It’s an understatement to say that we hear about a lot of ingenious uses of 3D printing on a regular basis. One of my favorites, and one of the most brilliant, in my opinion, is the way that several scientists have used the technology to save endangered coral reefs. We’ve taken a look at the work that Reef Design Lab has done, as well as Fabien Cousteau and Dr. James Gardiner, and while the methods and locations may differ slightly, the goal is the same – to help failing coral reefs to restore themselves with the help of some 3D printed supplementation.
Dr. Renata Ferrari of the University of Sydney has taken a multifaceted approach to her work with coral reefs and 3D technology. Every plan of action starts with gaining as much knowledge as possible, and that’s what Dr. Ferrari is doing with the help of her supervisor, associate professor Will Figueira: she’s creating a virtual map called the Ecological Modelling Hub that will help scientists to carefully measure and monitor how the reefs are changing as a result of climate change and other human activity.
“The idea behind that was to map, monitor and model the coral reefs and other marine ecosystems in three dimensions,” she said. “If you can create a 3D map, then you can measure it, because you literally have a map of the corals on your computer. You can get anything you want out of it.”
She has uploaded several 3D coral models onto Sketchfab; 25 of those models were taken for the specific purpose of tracking the growth and erosion of live and dead coral colonies over 13 months. Over that time, Dr. Ferrari said, the dead colonies eroded by 52%, while the live ones grew by 20%.
“3D models are a very accurate and precise method to quantify both volume and surface area of coral colonies in situ without manipulating them, thereby avoiding the negative effects on corals associated with other more invasive methods such as change in volume measured by weight,” she explained.
The models, which were made using photogrammetry, can also be 3D printed and potentially planted on the reefs themselves to support new growth. Unlike other artificial reefs, which have in the past been made from cinder blocks or even deliberately sunk ships, continued Dr. Ferrari, 3D printed reefs are very close to the structure of natural reefs. In the case of her project, they’re actually identical – she took 3D models from the living reefs before they were bleached, so she has their digital doppelgangers on file, ready to be printed and dropped into the ocean.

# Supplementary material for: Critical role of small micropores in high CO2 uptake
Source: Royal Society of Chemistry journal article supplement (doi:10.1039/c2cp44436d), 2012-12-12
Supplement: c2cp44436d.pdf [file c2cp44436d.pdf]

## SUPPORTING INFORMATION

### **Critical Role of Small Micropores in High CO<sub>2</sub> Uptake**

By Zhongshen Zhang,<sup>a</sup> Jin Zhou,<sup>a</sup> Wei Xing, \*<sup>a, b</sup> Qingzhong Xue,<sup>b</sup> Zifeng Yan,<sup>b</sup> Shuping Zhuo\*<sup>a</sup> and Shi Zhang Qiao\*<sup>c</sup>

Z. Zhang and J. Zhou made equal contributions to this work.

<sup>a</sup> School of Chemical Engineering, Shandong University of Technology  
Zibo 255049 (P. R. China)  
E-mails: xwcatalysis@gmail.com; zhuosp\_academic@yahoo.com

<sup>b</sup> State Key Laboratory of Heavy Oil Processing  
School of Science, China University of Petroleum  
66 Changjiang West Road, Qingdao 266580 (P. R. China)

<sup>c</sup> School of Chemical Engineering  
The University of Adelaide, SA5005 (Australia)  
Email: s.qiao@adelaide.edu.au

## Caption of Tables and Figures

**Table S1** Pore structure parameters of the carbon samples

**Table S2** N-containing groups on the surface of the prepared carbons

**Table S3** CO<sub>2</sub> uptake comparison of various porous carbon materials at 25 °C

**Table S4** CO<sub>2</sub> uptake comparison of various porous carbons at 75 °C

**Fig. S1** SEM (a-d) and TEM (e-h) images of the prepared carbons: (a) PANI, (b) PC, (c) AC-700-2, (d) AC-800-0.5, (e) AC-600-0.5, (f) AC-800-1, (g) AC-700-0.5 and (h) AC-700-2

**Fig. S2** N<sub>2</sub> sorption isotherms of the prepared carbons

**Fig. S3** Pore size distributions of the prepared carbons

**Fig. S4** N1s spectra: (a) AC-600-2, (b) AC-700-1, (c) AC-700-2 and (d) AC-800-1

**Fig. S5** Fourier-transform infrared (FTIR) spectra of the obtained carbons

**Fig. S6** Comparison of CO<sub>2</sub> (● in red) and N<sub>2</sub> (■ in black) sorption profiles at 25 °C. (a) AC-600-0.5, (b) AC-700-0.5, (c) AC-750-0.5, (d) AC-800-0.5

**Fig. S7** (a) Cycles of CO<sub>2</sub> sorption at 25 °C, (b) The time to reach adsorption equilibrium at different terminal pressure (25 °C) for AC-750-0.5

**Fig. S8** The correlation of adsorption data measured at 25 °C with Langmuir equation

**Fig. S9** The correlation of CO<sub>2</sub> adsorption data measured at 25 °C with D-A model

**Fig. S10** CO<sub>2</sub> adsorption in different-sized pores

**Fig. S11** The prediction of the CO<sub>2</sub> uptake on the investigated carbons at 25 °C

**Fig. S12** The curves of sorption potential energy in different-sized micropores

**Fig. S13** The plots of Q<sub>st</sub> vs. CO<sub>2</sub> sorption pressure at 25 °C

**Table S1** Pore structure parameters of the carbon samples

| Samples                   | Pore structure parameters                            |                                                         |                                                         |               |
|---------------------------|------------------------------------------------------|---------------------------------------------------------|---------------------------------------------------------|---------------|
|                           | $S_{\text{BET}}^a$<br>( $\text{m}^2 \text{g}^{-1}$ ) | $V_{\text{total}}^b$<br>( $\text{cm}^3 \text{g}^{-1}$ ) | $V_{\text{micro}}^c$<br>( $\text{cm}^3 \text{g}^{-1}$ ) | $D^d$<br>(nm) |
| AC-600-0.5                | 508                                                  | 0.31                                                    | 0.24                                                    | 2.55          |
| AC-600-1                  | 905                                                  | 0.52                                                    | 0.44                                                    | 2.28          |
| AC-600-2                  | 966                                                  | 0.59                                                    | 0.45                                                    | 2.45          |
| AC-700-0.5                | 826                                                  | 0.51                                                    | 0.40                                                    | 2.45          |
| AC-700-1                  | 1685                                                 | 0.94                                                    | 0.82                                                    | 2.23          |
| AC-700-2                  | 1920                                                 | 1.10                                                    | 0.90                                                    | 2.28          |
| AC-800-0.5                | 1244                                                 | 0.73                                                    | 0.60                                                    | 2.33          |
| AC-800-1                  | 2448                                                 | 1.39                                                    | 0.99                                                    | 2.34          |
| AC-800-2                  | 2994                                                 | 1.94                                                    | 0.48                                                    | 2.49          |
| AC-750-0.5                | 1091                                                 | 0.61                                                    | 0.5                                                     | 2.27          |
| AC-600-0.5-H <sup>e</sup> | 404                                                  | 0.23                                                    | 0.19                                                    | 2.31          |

Once placed on the natural reef, the 3D printed replicas ideally will attract new coral polyps, which will implant themselves, grow, and reproduce, forming new reefs that attract a diverse array of wildlife. Dr. Ferrari has tested her 3D printed coral’s resilience in water and is hoping to plant it on the Great Barrier Reef this year, but it’ll be an expensive operation requiring about $150,000 in funding. While the Great Barrier Reef has been all but written off by some, Dr. Ferrari believes that it can be saved; while large portions of the northern part of the reef have bleached and died, the southern part is still in relatively good shape – and if one part can be saved, the whole thing can potentially be saved.
“Coral reefs have been around for hundreds and hundreds of years,” she said. “Because of the connectivity of the Great Barrier Reef, this type of approach will still work. You put the reefs down and the coral larvae will arrive from other parts of the reef.”
Ultimately, though, these kinds of efforts will all be for nothing if climate change is not addressed in a large, global way. Coral reefs are being damaged in several ways related to climate change, including bleaching caused by warming temperatures, ocean acidification from carbon emissions, and damage caused by strong storms.
The Guardian / Images: 3D Reefs]
“But if carbon emissions are curbed…local and regional interventions can have a huge, positive impact and effect on the health and resilience of the reef,” Dr. Ferrari said. “What local initiatives can do is buy the reef a little bit of time to recover.”